Butchery star Peter reaps the rewards of apprenticeships
Peter Rushforth’s career decision to opt for an apprenticeship instead of continuing his academic studies in university is paying rich dividends for the 21-year-old butchery star.
The multi-award winning butcher from Leeswood, North Wales has recently returned from the United States after securing a scholarship from Meat Promotion Wales/Hybu Cig Cymru to study the development and utilisation of beef forequarter and related products.
Just a day after returning to the UK, he was adding another award to his bulging trophy cabinet, after being named Higher Apprentice of the Year by his training provider, Cambrian Training Company.
The award capped a memorable 12 months for Peter who won a WorldSkills gold medal, the Meat Trades Journal Young Butcher of the Year title, represented the UK in a European Young Butchers Competition and was runner up in the Premier Young Butchers contest during 2016.
His road to success is down to hard work, dedication and support from his employers, Clive and Gail Swan at Swans Farm Shop, Treuddyn, Mold and learning provider Cambrian Training Company.
The journey began when he was 15 and started work at the farm shop on a Saturday to earn pocket money. Leaving school at 18 with three ‘A’ levels, he had the chance to go to university to study psychology but instead chose to earn while he learned as an apprentice butcher.
It was as much of a learning journey for the Swans as for Peter, as he was their first apprentice. He progressed from a Foundation Apprenticeship and Apprenticeship in Meat and Poultry Industry Skills to a Higher Apprenticeship in Food Manufacturing Excellence, winning competitions along the way, including the Young Welsh Butcher.
He is now close to completing the Higher Apprenticeship, which is the academic equivalent of a degree and next plans to put into practice which he has learned during scholarship visit to the US.
He is particularly keen to develop new cuts from the beef forequarter, which traditionally is used for pies in the UK. In the US, the forequarter produces five tender cuts, including flat iron steak.
“These beef cuts are as tender as sirloin and rump steaks because of the way the meat is cut,” explained Peter. “Because the forequarter is lower in value, it brings steak within the reach of a group of consumers that cannot normally afford prime steak and utilises more of the carcass.
“I was also interested in beef jerky and charcuterie which are very popular in America. The question I wanted to answer was: if they like it so much, why can’t we do it here? I believe there is a market for farm fresh style jerky and we shall be developing new products in the shop in the coming months.”
Reflecting on his apprenticeship learning route, he said: “Neither I nor my employer had any idea how far the apprenticeship would go. It was a case of suck it and see and take every opportunity along the way.
“I had a great passion for the meat industry and felt a connection with it. I liked the idea of taking a raw, base product and then seeing the outcome a few hours later after using my butchery skills.
“The apprenticeships have given me the platform to build my career. They have given me an understanding of the business, the skills and knowledge to develop new products, pushed me to better myself and given me recognised qualifications, which are important.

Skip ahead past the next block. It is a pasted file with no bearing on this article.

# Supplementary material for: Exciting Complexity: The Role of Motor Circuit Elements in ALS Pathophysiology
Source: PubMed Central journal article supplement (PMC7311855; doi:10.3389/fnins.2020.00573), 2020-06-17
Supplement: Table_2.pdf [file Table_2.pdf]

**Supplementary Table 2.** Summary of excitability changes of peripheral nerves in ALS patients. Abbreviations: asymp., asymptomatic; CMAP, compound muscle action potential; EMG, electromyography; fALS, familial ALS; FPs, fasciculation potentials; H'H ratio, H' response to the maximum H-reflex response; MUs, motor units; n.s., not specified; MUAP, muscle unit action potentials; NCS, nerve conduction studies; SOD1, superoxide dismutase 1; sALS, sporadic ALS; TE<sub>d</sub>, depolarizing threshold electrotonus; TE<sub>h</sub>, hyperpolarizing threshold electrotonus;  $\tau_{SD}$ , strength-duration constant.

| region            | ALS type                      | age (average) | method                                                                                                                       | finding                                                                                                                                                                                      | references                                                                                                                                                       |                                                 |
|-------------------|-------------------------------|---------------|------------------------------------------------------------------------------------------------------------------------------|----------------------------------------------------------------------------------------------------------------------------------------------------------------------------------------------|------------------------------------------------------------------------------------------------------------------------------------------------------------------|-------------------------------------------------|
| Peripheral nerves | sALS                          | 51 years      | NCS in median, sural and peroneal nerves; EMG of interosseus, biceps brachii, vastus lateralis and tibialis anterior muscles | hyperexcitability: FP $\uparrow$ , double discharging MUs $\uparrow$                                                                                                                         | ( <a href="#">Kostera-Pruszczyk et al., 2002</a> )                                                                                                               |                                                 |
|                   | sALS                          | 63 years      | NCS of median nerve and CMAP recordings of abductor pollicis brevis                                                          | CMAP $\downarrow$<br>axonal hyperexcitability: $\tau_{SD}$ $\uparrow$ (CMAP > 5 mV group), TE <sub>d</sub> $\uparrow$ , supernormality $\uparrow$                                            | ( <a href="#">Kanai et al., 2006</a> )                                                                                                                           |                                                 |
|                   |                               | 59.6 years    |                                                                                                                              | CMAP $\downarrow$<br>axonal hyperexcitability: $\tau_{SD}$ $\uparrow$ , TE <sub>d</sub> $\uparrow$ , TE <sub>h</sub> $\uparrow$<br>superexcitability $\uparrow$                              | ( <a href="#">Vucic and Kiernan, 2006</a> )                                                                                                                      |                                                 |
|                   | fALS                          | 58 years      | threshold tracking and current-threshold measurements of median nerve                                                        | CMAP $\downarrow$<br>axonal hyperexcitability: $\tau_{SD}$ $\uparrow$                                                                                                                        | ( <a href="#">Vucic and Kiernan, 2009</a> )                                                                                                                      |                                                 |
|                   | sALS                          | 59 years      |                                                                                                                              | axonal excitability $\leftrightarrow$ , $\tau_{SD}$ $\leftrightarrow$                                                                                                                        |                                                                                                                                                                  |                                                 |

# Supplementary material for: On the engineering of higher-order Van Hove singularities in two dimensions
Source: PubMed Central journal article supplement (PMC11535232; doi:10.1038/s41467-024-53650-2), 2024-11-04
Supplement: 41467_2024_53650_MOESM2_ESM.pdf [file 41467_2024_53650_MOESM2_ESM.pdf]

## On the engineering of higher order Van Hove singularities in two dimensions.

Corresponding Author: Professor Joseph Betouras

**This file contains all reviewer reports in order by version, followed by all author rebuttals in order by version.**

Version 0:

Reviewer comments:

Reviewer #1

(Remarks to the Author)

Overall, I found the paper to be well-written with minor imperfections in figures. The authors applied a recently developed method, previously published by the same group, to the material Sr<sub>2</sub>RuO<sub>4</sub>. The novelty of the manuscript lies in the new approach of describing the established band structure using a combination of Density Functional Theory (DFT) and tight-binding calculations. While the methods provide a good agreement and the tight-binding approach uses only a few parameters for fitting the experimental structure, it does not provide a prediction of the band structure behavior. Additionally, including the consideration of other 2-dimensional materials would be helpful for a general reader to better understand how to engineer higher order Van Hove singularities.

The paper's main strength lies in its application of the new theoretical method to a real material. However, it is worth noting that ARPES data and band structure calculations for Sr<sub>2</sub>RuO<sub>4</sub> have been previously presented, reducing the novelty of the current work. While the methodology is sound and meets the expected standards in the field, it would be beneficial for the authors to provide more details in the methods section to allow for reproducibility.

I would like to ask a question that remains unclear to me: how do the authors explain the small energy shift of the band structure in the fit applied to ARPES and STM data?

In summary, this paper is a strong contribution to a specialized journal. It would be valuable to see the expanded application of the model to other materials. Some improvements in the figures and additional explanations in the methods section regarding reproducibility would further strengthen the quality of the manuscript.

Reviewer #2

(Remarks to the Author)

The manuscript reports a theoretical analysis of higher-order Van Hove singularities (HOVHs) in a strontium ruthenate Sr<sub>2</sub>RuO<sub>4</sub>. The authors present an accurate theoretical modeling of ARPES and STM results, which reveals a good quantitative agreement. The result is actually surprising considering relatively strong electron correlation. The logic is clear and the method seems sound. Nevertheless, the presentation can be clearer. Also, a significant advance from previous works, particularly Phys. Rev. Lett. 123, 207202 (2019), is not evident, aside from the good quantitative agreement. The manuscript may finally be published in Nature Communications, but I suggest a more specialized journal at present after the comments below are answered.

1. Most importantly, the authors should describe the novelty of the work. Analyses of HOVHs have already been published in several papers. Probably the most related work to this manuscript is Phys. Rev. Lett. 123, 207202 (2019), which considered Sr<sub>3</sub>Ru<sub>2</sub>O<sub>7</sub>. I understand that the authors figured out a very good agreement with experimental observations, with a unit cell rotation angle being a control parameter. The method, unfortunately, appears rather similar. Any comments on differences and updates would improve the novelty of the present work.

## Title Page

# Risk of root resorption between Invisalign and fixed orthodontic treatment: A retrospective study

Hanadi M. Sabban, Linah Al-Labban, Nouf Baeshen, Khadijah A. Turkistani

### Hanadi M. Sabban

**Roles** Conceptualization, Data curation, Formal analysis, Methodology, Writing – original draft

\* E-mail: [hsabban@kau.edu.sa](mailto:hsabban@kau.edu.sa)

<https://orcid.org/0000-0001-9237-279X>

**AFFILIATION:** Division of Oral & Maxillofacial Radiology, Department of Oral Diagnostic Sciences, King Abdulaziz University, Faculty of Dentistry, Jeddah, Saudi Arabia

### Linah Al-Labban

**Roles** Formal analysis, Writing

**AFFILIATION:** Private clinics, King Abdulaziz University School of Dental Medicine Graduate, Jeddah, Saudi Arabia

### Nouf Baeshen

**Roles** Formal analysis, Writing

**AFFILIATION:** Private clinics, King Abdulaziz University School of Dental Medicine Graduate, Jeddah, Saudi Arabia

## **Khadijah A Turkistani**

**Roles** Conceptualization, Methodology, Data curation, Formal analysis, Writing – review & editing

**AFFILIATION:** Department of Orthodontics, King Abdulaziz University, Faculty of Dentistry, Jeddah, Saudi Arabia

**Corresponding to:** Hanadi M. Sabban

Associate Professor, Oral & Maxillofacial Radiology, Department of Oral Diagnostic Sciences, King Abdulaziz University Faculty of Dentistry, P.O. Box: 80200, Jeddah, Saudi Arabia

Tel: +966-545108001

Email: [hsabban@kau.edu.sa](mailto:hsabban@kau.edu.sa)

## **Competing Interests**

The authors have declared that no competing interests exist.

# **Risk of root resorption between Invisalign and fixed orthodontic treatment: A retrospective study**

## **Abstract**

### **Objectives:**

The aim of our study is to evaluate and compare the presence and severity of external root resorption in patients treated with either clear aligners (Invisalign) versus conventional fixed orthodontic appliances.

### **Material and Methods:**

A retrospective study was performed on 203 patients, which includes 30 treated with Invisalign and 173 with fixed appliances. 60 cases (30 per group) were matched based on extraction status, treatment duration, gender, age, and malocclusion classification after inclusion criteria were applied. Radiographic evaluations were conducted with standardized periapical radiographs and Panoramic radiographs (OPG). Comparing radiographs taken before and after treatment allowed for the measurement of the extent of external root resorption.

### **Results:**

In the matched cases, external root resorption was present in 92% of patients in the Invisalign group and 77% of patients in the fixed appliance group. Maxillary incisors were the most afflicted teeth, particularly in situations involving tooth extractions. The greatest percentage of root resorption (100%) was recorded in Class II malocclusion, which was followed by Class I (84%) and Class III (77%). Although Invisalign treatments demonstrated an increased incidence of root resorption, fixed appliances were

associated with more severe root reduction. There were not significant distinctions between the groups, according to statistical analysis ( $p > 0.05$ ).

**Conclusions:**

“Clive and Gail have been the driving force behind my success. They have encouraged me and given me the opportunities and resources to get out and do it.
“It’s interesting to note that all my schoolmates have finished university and not one of them has a job that they studied for. A lot of them now agree that I made the right decision to choose an apprenticeship.
“In so many jobs nowadays, employers require work experience, which people leaving university don’t have. By the time you finish your apprenticeship, you have three or four years’ experience.”
Gail Swan is delighted with Peter’s success. “We couldn’t have a better employee,” she said. “He was our first apprentice and it has been a massive learning curve. Everything about the apprenticeship has been positive and we have all benefited from the training delivered by Cambrian Training Company.”
The Welsh Government has pledged to deliver a minimum of 100,000 quality apprenticeships to people of all ages during its term of office. The apprenticeships specifically focus on the needs of industry, particularly science, technology, engineering and mathematics, sectors where there are skills shortages.
Investment is also being increased to drive growth in key sectors including creative industries, information and communication technology, construction, logistics and financial and environmental services. Welsh language and bilingual apprenticeships are also supported.
- Apprentices earn while they learn, gaining invaluable, hands-on experience in the workplace
- Apprenticeships generate around £1.1 billion to the Welsh economy
- Every £1 of public money invested in apprentices produces a return of £74 compared to £57 for an average degree
- Apprenticeship success rates in Wales are consistently above 80 per cent compared to 67 per cent in England
- The average apprenticeship framework costs between £4,000 and £16,000 compared to a minimum of £27,000 for an undergraduate degree
From April 8 this year, UK employers with a pay bill exceeding £3 million now pay an Apprenticeship Levy, which is encouraging more companies to recruit apprentices.
The Apprenticeship Programme is funded by the Welsh Government with support from the European Social Fund.
To find out how your business can benefit from taking on an apprentice or upskilling your current workforce, register your interest here